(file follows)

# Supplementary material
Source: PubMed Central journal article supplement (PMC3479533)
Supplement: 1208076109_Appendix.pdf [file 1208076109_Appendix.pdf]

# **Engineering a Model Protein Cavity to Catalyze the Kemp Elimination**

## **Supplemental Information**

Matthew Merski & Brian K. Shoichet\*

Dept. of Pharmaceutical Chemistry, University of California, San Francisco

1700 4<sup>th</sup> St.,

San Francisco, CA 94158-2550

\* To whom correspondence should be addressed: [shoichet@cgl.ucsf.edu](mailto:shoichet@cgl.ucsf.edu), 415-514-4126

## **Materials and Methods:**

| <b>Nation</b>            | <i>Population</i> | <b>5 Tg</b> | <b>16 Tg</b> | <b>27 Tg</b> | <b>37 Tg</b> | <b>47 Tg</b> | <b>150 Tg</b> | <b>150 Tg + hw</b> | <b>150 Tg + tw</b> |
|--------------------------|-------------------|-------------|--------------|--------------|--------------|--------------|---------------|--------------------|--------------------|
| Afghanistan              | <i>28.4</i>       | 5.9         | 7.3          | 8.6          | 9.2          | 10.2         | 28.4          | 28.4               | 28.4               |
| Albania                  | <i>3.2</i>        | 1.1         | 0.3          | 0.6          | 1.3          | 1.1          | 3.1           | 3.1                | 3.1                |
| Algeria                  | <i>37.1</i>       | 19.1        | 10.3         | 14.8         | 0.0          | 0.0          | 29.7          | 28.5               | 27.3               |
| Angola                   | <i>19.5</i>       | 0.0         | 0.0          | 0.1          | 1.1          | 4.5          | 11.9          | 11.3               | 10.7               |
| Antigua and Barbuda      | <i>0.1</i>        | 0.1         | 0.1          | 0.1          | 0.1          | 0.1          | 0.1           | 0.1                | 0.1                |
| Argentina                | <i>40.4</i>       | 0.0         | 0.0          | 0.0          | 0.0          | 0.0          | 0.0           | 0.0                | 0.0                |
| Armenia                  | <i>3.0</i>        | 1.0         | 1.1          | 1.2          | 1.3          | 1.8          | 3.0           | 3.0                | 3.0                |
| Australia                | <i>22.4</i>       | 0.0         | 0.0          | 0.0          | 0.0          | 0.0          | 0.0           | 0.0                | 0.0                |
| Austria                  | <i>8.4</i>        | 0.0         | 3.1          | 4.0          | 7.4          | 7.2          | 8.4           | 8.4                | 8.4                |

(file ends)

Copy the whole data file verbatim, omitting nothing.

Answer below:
# Supplementary material
Source: PubMed Central journal article supplement (PMC3479533)
Supplement: 1208076109_Appendix.pdf [file 1208076109_Appendix.pdf]

# **Engineering a Model Protein Cavity to Catalyze the Kemp Elimination**

## **Supplemental Information**

Matthew Merski & Brian K. Shoichet\*

Dept. of Pharmaceutical Chemistry, University of California, San Francisco

1700 4<sup>th</sup> St.,

San Francisco, CA 94158-2550

\* To whom correspondence should be addressed: [shoichet@cgl.ucsf.edu](mailto:shoichet@cgl.ucsf.edu), 415-514-4126

## **Materials and Methods:**

| <b>Nation</b>            | <i>Population</i> | <b>5 Tg</b> | <b>16 Tg</b> | <b>27 Tg</b> | <b>37 Tg</b> | <b>47 Tg</b> | <b>150 Tg</b> | <b>150 Tg + hw</b> | <b>150 Tg + tw</b> |
|--------------------------|-------------------|-------------|--------------|--------------|--------------|--------------|---------------|--------------------|--------------------|
| Afghanistan              | <i>28.4</i>       | 5.9         | 7.3          | 8.6          | 9.2          | 10.2         | 28.4          | 28.4               | 28.4               |
| Albania                  | <i>3.2</i>        | 1.1         | 0.3          | 0.6          | 1.3          | 1.1          | 3.1           | 3.1                | 3.1                |
| Algeria                  | <i>37.1</i>       | 19.1        | 10.3         | 14.8         | 0.0          | 0.0          | 29.7          | 28.5               | 27.3               |
| Angola                   | <i>19.5</i>       | 0.0         | 0.0          | 0.1          | 1.1          | 4.5          | 11.9          | 11.3               | 10.7               |
| Antigua and Barbuda      | <i>0.1</i>        | 0.1         | 0.1          | 0.1          | 0.1          | 0.1          | 0.1           | 0.1                | 0.1                |
| Argentina                | <i>40.4</i>       | 0.0         | 0.0          | 0.0          | 0.0          | 0.0          | 0.0           | 0.0                | 0.0                |
| Armenia                  | <i>3.0</i>        | 1.0         | 1.1          | 1.2          | 1.3          | 1.8          | 3.0           | 3.0                | 3.0                |
| Australia                | <i>22.4</i>       | 0.0         | 0.0          | 0.0          | 0.0          | 0.0          | 0.0           | 0.0                | 0.0                |
| Austria                  | <i>8.4</i>        | 0.0         | 3.1          | 4.0          | 7.4          | 7.2          | 8.4           | 8.4                | 8.4                |